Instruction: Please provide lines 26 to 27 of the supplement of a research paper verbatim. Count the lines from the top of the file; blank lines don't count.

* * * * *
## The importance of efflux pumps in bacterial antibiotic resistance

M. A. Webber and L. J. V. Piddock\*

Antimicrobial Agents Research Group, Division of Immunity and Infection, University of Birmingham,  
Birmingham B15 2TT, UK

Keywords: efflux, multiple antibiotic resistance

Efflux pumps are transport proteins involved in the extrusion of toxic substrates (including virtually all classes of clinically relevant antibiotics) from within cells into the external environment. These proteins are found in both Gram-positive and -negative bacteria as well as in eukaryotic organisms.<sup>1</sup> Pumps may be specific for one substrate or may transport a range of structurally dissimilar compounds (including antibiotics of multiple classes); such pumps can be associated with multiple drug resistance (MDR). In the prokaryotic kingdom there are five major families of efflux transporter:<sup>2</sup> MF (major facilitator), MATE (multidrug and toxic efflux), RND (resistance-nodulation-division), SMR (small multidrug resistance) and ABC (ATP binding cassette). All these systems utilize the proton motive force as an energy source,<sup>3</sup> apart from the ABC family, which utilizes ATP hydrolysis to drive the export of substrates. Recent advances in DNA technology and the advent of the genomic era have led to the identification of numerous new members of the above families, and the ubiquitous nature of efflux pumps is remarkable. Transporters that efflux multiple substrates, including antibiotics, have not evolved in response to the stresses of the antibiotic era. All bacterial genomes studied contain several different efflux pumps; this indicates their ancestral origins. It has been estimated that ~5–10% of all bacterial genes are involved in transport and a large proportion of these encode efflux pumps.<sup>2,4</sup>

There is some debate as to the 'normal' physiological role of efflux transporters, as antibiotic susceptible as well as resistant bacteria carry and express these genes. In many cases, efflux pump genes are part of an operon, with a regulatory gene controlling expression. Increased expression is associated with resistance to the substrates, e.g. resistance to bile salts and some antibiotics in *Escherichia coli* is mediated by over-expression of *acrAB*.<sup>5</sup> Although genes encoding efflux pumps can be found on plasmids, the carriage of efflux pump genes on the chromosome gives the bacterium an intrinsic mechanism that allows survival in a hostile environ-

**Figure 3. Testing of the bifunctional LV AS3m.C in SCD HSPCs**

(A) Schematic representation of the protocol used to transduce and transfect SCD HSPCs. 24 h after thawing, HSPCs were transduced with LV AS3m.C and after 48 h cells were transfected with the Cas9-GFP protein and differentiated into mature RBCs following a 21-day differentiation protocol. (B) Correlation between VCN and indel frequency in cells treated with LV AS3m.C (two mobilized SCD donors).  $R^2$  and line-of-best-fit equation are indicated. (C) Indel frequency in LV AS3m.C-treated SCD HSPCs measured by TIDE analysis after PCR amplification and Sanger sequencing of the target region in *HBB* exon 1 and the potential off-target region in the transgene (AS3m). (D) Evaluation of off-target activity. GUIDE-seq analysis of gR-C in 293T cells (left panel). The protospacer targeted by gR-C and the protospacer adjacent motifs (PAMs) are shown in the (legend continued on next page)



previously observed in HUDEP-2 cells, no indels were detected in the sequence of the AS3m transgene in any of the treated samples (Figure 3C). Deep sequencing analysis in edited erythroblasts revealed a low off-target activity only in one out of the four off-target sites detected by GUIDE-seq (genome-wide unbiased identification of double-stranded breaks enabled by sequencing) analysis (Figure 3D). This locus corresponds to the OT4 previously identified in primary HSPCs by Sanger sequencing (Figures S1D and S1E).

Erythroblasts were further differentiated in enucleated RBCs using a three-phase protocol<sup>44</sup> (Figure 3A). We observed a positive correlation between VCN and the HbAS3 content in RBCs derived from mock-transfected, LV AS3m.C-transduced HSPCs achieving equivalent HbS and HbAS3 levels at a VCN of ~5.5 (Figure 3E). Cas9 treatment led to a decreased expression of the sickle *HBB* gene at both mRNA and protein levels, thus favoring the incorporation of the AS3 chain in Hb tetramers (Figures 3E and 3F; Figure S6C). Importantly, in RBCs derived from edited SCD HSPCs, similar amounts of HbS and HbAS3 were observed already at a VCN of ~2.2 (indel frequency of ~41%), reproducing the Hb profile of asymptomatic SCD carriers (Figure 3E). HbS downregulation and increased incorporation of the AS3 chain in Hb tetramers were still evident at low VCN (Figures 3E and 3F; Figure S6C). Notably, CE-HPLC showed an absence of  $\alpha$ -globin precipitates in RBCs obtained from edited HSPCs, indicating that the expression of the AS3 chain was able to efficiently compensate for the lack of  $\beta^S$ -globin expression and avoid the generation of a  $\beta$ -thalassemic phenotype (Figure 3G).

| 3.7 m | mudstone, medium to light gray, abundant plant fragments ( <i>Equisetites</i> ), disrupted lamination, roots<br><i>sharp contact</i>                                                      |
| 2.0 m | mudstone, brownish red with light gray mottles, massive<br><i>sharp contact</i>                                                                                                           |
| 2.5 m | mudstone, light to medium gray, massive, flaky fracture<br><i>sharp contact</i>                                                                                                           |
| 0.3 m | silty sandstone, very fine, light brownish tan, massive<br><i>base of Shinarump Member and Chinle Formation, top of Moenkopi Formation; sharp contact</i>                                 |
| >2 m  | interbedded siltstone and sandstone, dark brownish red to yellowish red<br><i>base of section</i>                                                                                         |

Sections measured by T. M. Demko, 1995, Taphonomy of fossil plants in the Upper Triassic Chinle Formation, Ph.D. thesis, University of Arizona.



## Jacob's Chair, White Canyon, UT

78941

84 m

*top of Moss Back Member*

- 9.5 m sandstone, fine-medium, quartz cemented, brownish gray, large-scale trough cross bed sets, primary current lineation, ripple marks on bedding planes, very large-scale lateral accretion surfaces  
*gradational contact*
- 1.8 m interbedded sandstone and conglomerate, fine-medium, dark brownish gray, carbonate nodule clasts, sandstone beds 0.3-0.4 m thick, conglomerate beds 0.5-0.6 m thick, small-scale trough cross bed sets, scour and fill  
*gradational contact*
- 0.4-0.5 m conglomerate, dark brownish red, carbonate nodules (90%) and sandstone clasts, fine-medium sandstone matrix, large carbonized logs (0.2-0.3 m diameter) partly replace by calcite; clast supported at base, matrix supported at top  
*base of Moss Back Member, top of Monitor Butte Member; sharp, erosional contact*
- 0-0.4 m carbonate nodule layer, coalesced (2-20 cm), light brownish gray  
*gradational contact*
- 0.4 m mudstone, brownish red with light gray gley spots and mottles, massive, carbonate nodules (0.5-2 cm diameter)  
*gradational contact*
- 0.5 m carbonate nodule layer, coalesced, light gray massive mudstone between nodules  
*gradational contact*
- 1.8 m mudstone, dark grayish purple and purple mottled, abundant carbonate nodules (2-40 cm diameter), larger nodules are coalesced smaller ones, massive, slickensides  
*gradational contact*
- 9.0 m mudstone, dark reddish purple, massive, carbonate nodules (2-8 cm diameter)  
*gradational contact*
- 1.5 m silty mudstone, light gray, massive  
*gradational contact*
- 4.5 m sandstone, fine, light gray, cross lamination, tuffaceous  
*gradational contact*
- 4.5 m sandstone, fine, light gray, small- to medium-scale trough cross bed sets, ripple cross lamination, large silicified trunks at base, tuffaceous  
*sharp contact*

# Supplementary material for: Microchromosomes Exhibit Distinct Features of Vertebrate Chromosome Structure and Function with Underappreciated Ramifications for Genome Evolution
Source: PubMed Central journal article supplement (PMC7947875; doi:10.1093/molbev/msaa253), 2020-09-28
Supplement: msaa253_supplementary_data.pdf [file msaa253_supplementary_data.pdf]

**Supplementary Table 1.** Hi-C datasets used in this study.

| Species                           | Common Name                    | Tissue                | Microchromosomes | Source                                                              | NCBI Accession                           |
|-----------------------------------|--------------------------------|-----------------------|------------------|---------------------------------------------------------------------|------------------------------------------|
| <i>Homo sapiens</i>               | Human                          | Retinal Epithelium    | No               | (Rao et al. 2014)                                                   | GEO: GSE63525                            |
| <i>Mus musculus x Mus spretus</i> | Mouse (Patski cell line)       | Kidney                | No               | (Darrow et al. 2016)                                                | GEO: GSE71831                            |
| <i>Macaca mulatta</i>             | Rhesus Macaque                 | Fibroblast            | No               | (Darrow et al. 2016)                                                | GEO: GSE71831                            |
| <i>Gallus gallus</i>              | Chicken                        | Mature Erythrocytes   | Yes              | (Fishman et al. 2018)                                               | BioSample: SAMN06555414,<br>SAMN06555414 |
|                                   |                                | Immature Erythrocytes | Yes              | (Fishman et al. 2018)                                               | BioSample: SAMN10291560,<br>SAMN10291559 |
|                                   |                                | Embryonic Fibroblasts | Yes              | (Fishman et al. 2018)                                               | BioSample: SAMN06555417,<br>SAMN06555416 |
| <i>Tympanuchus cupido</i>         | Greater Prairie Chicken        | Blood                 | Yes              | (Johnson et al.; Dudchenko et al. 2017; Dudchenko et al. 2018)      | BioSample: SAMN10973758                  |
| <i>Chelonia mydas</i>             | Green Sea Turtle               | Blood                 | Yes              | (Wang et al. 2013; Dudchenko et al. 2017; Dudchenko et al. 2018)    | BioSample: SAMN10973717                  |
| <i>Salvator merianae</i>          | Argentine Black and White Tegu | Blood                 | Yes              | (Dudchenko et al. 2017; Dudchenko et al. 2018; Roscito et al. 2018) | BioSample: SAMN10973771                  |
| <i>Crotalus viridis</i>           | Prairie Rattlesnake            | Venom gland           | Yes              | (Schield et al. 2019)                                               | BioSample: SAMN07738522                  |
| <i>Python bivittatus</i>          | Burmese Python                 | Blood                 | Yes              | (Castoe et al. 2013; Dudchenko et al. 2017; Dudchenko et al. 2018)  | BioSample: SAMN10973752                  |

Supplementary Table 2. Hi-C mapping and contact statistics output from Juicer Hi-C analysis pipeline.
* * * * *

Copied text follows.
- 0.4-0.5 m conglomerate, dark brownish red, carbonate nodules (90%) and sandstone clasts, fine-medium sandstone matrix, large carbonized logs (0.2-0.3 m diameter) partly replace by calcite; clast supported at base, matrix supported at top  
*base of Moss Back Member, top of Monitor Butte Member; sharp, erosional contact*